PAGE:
The Risk of Starting Too Soon

As you probably know, we at CoachDeck are huge proponents of kids playing sports, whenever and wherever they can. And, generally speaking, as long as we are talking about recreational sports, I'd encourage kids to play at an early age. But after walking past my local youth baseball fields several times this spring, I'm beginning to wonder if starting too early might not be detrimental.

I have not been involved with my local Little League in years but I ran into a friend who is on the board and he was telling me that parents with kids as young as three are pushing to get them started in the league's T-Ball program. When I was on the board, the minimum age we allowed was six.

During my Saturday morning walks past the fields, I'd noticed that the T-Ball players looked exceptionally young. I assumed this was simply a matter of my perspective since my kids are now all grown. And I attributed the lack of organization, or any activity resembling baseball, to inexperienced coaching. Now I know that most of these kids are four or five years old.

I observed parents leaving their chairs to run onto the field to redirect youngsters who were fleeing for the playground. Parents were coaxing and bribing children to come back on the field. If, by some miracle, a child fielded a ball and stepped on a base before the runner arrived, no out was called. There was no point to the “game” they were playing.

You may ask, 'what's the harm in that?'. Well in soccer, maybe it's not as big of a problem because even the youngest tykes will get to kick the ball a few times every game and hear their parents cheer. That might be enough to make them enjoy the experience. But even then, if there is no object to the game, or at least not one they can comprehend, there is a risk that the stress involved in suiting them up in a uniform, strapping on shin guards and whisking them off to a field not long after they've been classified as toddlers might outweigh any “fun” they have..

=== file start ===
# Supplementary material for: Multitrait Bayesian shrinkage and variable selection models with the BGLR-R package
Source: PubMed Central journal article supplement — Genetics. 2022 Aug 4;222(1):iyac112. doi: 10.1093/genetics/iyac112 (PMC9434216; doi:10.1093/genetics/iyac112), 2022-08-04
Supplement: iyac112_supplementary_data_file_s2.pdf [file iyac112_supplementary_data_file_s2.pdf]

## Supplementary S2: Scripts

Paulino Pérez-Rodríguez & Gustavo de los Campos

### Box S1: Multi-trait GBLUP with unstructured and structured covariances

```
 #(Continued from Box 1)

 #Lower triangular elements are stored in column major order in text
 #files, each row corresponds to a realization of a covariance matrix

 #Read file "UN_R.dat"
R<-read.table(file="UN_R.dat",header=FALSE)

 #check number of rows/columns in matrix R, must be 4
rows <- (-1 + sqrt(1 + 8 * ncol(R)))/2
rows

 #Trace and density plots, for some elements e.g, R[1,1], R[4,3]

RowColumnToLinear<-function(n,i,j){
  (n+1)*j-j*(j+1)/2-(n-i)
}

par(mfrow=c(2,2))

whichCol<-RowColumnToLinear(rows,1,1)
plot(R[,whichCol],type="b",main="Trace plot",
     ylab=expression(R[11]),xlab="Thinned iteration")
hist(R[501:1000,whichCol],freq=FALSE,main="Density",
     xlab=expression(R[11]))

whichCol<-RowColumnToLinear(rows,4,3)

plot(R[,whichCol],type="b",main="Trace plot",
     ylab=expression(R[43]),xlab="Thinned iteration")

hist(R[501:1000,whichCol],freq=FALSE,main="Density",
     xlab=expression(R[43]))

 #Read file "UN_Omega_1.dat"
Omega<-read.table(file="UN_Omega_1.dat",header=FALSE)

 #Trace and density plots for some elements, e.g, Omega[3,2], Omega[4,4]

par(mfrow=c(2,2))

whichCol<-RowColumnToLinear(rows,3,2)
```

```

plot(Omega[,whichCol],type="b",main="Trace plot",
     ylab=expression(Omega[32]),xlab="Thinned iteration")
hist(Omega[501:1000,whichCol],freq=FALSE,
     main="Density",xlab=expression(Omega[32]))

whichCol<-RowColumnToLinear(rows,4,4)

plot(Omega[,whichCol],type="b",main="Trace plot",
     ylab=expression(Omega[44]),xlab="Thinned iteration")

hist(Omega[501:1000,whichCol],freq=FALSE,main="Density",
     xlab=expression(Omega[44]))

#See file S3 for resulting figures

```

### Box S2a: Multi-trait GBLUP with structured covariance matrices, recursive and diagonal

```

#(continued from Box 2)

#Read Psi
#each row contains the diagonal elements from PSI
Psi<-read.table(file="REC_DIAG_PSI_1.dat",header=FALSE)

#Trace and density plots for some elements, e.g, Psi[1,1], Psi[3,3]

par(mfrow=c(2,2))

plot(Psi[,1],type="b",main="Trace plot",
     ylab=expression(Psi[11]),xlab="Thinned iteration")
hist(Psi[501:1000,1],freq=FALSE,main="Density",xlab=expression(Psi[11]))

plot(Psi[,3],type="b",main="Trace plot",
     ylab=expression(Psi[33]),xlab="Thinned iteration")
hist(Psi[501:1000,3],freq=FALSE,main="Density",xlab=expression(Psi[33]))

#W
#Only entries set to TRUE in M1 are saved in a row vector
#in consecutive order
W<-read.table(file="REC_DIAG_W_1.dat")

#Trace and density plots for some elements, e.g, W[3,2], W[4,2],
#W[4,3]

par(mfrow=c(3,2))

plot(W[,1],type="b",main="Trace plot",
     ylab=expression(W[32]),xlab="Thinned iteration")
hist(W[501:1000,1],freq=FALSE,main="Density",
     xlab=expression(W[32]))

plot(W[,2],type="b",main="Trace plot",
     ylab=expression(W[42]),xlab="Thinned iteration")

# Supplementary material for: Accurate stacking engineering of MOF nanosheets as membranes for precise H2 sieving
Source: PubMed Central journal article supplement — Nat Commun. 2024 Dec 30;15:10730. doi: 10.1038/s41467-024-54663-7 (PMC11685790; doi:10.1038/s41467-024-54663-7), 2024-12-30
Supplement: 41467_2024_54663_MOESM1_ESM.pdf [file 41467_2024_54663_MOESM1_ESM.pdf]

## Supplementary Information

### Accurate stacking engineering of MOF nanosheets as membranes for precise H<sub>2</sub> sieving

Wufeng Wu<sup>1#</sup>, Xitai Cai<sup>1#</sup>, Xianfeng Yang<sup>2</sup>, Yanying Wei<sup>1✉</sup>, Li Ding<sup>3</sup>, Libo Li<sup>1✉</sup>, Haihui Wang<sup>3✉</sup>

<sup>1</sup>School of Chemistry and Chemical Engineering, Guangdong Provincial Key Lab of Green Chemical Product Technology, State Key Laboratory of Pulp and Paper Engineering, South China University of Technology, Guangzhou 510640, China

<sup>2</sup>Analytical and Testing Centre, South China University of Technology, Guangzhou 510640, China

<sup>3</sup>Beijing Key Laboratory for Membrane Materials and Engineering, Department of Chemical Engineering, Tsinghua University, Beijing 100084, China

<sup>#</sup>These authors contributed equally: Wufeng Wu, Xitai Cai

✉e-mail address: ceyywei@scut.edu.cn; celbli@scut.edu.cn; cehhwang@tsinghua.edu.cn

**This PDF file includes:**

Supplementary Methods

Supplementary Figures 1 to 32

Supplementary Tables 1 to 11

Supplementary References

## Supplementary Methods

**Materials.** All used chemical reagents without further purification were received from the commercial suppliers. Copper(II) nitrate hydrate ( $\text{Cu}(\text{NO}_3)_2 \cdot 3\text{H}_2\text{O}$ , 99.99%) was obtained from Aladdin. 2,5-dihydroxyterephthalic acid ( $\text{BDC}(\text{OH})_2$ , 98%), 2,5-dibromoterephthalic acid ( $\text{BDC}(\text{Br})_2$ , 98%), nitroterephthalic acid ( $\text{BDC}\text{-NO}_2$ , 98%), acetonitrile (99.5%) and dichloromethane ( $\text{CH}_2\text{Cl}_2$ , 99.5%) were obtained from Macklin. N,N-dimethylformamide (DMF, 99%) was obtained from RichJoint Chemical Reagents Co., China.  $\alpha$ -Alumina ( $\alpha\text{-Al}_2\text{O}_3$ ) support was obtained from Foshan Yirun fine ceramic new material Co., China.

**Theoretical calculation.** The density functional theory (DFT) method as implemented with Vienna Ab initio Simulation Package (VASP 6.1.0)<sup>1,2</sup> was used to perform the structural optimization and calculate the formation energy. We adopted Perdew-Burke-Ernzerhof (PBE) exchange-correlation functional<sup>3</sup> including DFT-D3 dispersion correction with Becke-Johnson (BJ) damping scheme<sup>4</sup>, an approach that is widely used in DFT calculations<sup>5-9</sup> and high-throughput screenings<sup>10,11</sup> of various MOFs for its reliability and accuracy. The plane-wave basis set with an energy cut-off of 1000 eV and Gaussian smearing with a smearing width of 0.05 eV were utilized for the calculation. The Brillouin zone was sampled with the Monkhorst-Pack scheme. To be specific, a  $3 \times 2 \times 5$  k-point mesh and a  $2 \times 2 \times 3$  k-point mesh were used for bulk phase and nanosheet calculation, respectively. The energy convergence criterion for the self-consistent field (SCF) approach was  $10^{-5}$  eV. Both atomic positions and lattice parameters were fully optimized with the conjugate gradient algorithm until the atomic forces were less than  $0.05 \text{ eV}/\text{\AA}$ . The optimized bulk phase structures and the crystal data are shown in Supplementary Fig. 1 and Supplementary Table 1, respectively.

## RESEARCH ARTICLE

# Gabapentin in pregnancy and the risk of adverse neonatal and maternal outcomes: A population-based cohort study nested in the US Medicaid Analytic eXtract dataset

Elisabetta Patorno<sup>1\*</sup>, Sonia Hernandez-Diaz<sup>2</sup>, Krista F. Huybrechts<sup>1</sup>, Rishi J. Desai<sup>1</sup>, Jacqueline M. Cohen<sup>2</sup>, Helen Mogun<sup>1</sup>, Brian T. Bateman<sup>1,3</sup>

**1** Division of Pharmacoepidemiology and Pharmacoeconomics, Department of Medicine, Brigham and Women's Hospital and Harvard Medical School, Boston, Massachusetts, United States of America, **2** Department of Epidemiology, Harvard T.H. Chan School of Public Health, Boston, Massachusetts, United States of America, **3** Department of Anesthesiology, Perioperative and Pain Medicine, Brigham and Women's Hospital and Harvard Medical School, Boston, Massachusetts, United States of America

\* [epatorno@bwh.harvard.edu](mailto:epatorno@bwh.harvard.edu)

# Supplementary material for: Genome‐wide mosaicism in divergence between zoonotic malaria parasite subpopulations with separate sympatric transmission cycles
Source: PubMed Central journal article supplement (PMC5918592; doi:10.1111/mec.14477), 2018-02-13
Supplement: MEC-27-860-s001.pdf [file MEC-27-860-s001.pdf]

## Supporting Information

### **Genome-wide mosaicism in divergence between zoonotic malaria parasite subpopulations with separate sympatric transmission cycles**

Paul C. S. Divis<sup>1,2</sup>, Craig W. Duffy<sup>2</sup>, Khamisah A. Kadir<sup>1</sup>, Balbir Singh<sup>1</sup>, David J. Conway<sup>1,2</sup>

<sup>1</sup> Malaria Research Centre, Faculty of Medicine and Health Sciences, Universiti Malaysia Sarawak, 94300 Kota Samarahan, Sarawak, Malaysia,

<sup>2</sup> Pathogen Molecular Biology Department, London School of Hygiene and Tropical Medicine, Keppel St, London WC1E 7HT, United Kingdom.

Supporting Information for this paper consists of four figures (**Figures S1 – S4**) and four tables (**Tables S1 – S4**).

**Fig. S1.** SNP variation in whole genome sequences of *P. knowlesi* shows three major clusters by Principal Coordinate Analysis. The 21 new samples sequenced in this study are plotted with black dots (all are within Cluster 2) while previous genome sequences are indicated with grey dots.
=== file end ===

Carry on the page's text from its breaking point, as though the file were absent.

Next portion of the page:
And we all know that baseball and softball, at any level, can be staid. The less skill the players have, the more boring the game will be. My concern is that, in our earnest efforts to get our kids into athletics as soon as we are able, we might be doing more harm than good. No one could watch one of the “games” I passed this year and say that any of the kids seemed to be having a blast. And we are all aware that younger kids don't have a long view of things. They know if it is fun they want to do it, if it is not fun, they don't. One morning I walked by and saw a team on the field with a total of three players.

This cartoon is meant as a funny caricature, but look at it from a different perspective. Dig a little deeper and take it seriously for a moment. If these parents really were to try and get their tiny child to learn to pole vault with a pole ten times larger than he is, what would happen? The child would have no success, would be frustrated, and would cry and want to quit. It is likely that forever, there would be a totally negative association with that activity. In other words, there is little chance that when he gets older he'll want to give it another try.

Every parent wants what's best for their children and for some, playing sports not long after diapers might work out just fine. But for many, maybe just kicking or hitting the ball around in the back yard or at the park is best. I would submit that if it is skill development you're hoping for, (in other words we want our child to have an advantage by starting early), then playing with him one-on-one and providing reasonable goals combined with lots of praise while making it fun would lead to more improvement than “organized” games that really have no structure. We all hope to give our kids the love of sports as soon as we can. Attempting to do so in a manner that ends up having the opposite of the intended effect is what we need to keep an eye on.

Brian Gotta is a former youth baseball coach and volunteer Little League board member. He is the President of CoachDeck and also author of four youth sports novels and a baseball coaching book which can be found at He can be reached at

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